Mountain Light Wall Rock Climbing
Routes in Mountain Light Wall
|GPS:||37.282, -118.644 Google Map · Climbing Map|
|Shared By:||Bryan G on Jul 16, 2010|
|Admins:||Aron Quiter, Euan Cameron, AWinters, M. Morley, Adam Stackhouse, Salamanizer suchoski, Justin Johnsen, Vicki Schwantes|
DescriptionMountain Light Wall is nestled in the foothills at the base of the Sierras, just a couple miles north-east of Mount Humphreys. The views are stunning and you're sure to have the wall to yourself. The area was recently developed so most fixed gear and anchors are big and bomber with easy lower-offs, making the climbing surprisingly convenient for how remote the formation is.
These newly developed routes however haven't yet had enough traffic to be "cleaned up". In contrast to the fabulous views, the rock quality here leaves a lot to be desired. This ain't no Cardinal Pinnacle. The rock is course and exfoliating. Most of the large flakes and features are pretty bomber at least, so you don't have to worry too much about pulling down a death block on your belayer. He/she will just be gently showered by a constant rain of granite crystals and grit. Many of the routes do have the potential to clean up after numerous ascents, but given the wall's rather difficult location, that's not likely to happen for some years.
The formation is north-east facing, but because of it's low angle tilt, most of the routes receive sun from morning until afternoon in the summer. There is a snow cone at the base in the early season, making the best time to climb in the late summer and fall. On hotter days the wall can bake and the pale granite reflects a lot of sunlight. The base of the cliff has a beautiful assortment of wildflowers which also attract a lot of bees, something to consider if you are allergic to bee stings.
More information about Mountain Light Wall and many other areas around Bishop and Lone Pine can be found in the highly recommended guidebook "Bishop Area Rock Climbs" (Croft/Lewis). See http://maximuspress.com/shop/proddetail.php?prod=amp018
Getting ThereIf you have a high clearance vehicle expect a 40 minute drive from Bishop and a 40 minute hike. If you don't have a high clearance vehicle expect a 30+ minute drive and something in the range of 1.5 - 3 hours of hiking.
From Bishop take W Line Stree (CA-168) out of town for 7.3 miles. Turn right on Buttermilk Road. Drive past the bouldering areas and do your best to stay on the main road as several unmarked side roads branch off. After around 5 miles the road will start getting pretty bad with lots of large rock threatening the bottom of your vehicle. After another couple miles you will pass a couple cattle guards. The first cattle guard has a lot of grass growing out of it and the second one is larger and painted green. There is a small pullout and camp site just past the second cattle guard. If you have a lower clearance vehicle you will not want to go any further than this. A few hundred yards ahead the road gets really rough for a short section. There is a split. You want to stay left on the uphill and very rocky road. Don't go right onto the uphill and grassy road. After that stay left at all the forks. You will drive/hike across McGee Creek. After the creek, stay right at all the forks including the split where the main road (7S01) branches off to the left. Take the now unnamed road further west and you will come to a grove of trees with nice shaded camping. Continue up a steep hill until you reach a plateau. Go straight through an intersection (you will see/hear a dam to your right on the other side of a hill) and finally park at a small turnabout loop.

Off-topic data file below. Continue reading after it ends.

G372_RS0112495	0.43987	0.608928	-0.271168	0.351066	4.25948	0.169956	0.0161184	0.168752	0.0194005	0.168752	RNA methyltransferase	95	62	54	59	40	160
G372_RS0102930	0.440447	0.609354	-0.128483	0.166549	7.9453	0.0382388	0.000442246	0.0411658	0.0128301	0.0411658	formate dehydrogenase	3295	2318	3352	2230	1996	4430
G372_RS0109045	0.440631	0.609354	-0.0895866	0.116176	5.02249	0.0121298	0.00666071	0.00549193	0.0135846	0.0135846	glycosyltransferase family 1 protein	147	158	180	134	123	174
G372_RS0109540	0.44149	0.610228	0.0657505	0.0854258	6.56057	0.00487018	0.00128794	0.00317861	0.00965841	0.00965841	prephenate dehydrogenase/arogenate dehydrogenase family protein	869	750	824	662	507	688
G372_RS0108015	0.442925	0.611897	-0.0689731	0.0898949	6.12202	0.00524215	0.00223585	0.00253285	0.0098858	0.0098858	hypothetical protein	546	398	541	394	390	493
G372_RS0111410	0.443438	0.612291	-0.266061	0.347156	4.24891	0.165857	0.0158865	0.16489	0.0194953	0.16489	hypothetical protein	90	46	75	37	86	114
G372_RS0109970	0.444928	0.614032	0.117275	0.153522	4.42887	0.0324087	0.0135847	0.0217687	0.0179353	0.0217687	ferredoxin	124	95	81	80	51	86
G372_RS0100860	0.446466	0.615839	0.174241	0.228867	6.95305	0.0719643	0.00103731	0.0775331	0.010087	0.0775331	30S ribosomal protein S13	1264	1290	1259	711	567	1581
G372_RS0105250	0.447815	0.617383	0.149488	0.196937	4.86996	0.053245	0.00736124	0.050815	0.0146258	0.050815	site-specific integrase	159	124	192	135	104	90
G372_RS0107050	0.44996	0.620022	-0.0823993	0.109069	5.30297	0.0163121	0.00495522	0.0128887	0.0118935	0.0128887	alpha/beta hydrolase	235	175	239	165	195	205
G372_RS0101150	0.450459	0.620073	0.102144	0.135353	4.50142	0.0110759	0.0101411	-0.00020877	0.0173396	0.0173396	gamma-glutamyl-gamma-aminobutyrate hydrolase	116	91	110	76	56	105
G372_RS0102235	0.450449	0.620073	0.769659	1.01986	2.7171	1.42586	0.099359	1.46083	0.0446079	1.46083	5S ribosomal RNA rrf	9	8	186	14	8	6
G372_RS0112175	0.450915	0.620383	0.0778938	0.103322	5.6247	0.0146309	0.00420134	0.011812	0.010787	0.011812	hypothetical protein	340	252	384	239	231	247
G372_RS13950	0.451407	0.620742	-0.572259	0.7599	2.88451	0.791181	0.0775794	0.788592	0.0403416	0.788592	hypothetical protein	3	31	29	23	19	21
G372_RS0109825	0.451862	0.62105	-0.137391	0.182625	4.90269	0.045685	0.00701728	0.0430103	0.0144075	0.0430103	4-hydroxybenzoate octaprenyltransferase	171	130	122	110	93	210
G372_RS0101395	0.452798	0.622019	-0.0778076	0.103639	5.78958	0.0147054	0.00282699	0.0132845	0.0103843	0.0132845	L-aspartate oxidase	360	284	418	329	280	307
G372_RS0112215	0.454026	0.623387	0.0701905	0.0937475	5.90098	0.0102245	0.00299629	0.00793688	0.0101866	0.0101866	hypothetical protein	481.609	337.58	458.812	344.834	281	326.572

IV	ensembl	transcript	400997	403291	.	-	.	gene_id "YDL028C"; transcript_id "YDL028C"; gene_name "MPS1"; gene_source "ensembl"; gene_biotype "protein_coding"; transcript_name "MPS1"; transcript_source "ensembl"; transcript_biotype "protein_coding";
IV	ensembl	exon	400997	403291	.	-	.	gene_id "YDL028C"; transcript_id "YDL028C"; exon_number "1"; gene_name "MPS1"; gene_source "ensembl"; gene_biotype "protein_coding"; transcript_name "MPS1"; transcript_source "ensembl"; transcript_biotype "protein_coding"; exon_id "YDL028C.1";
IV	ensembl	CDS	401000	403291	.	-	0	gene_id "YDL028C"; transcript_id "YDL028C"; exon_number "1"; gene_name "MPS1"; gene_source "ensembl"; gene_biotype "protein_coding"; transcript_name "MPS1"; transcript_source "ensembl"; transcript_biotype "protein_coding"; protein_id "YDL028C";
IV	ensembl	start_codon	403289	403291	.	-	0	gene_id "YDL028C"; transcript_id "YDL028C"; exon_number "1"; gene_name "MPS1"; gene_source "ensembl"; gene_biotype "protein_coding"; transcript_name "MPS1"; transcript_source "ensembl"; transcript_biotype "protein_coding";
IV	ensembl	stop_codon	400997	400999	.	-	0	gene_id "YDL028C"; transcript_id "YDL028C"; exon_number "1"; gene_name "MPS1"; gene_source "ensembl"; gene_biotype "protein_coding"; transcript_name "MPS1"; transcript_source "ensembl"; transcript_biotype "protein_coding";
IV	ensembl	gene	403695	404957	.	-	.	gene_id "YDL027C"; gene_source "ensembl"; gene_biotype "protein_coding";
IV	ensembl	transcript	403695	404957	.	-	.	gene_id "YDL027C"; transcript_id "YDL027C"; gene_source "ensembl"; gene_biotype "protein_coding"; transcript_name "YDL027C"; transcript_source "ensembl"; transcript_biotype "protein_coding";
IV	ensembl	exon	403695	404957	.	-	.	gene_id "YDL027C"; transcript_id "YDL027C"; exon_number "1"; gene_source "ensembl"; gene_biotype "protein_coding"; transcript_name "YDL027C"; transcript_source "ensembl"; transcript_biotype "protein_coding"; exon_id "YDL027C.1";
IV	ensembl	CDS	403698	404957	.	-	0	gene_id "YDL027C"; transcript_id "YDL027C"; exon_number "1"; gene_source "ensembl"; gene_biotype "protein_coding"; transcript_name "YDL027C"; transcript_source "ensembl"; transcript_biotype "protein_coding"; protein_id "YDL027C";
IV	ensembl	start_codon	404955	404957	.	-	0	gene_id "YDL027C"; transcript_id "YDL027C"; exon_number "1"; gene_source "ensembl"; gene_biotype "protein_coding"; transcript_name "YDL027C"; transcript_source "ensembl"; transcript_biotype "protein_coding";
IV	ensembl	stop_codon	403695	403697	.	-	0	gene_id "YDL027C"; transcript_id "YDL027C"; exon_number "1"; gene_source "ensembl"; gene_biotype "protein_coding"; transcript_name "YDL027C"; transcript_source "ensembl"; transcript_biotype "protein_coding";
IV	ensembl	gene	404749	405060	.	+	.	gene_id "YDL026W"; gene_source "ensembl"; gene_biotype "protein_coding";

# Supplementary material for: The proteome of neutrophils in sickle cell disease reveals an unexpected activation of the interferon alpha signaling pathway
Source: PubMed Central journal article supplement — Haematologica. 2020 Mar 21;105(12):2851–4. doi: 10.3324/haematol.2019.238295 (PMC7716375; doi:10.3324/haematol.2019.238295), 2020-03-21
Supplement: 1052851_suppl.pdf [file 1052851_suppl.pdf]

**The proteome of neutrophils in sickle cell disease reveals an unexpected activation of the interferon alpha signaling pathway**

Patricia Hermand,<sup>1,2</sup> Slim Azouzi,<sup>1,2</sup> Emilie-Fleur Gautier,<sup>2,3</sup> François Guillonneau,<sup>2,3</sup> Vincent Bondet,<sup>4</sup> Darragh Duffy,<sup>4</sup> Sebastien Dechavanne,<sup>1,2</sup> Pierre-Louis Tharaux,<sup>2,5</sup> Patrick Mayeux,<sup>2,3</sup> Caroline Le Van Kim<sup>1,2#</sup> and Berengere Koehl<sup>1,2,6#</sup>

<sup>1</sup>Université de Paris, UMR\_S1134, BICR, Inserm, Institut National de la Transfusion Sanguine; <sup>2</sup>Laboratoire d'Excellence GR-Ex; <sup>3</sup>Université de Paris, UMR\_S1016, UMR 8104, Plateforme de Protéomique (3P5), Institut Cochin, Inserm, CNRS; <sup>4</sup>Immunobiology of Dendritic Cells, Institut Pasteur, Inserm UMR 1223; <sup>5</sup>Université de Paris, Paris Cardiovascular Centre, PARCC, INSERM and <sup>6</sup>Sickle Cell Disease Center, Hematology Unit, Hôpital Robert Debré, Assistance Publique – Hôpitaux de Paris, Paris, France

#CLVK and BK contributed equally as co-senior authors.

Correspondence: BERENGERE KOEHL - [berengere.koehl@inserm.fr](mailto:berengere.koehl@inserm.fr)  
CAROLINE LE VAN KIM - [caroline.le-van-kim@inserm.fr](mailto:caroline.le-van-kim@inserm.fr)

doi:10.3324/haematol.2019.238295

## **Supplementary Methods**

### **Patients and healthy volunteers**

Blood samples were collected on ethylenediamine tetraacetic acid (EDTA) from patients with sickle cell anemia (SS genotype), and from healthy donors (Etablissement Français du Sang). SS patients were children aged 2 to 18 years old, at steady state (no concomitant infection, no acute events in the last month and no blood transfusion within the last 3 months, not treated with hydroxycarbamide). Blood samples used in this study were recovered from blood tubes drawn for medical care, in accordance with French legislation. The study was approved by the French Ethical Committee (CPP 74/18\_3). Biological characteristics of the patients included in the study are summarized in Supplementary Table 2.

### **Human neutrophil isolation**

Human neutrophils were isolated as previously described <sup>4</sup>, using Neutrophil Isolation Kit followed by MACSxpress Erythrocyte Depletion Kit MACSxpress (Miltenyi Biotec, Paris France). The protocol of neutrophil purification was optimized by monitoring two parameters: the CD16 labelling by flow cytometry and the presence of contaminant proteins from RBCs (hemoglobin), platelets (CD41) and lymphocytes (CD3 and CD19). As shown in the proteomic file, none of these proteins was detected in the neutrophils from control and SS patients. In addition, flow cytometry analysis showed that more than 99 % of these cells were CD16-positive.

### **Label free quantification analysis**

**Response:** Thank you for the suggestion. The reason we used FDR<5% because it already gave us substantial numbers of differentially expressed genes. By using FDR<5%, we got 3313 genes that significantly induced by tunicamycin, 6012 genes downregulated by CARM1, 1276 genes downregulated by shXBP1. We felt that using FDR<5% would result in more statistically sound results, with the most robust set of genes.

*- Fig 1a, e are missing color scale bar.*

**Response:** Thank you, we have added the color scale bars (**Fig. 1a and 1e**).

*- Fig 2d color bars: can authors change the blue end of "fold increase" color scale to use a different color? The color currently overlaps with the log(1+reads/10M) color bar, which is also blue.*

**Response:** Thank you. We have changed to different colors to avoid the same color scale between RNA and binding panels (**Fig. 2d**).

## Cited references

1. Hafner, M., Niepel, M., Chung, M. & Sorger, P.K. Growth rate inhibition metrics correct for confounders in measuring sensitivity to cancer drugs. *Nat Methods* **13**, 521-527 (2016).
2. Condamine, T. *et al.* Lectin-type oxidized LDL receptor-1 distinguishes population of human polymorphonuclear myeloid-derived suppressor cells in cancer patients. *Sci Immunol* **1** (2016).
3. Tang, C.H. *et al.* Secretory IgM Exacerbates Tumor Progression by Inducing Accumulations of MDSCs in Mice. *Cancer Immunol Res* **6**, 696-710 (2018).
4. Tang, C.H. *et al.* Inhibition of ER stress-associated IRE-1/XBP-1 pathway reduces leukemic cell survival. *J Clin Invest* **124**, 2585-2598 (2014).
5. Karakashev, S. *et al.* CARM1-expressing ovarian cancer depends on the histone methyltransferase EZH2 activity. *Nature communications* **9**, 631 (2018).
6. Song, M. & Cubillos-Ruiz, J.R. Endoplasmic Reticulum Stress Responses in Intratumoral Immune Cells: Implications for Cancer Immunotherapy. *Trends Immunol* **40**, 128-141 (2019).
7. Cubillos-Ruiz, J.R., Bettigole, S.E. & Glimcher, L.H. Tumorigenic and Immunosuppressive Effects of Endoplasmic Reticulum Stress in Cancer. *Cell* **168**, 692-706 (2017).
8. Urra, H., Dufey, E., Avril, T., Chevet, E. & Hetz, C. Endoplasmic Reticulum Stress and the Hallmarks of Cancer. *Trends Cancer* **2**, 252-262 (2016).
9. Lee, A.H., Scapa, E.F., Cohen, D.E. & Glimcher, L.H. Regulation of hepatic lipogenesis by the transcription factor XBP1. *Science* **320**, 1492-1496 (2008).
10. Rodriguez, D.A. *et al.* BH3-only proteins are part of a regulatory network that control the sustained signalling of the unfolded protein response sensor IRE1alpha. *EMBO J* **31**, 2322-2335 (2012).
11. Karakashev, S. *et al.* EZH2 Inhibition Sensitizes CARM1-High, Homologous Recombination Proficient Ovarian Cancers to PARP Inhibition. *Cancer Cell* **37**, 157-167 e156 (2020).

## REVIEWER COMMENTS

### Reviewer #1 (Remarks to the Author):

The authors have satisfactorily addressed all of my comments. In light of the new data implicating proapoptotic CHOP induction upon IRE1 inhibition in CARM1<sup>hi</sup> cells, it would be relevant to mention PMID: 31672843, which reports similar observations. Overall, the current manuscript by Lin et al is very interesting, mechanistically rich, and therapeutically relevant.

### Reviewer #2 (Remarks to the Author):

From the end of the road their is a drainage just infront of you. Pick up the trail on the left side of the drainage and follow it as it contours into a valley to the right. Eventually the trail will run next to McGee Creek and by this point you will have probably noticed that Mountain Light Wall is just to your left. Hike across a field and up some talus to the base of the wall.
Classic Climbing Routes at Mountain Light Wall
Mountain Project's determination of the classic, most popular, highest rated climbing routes in this area.
Days w Precip
Prime Climbing Season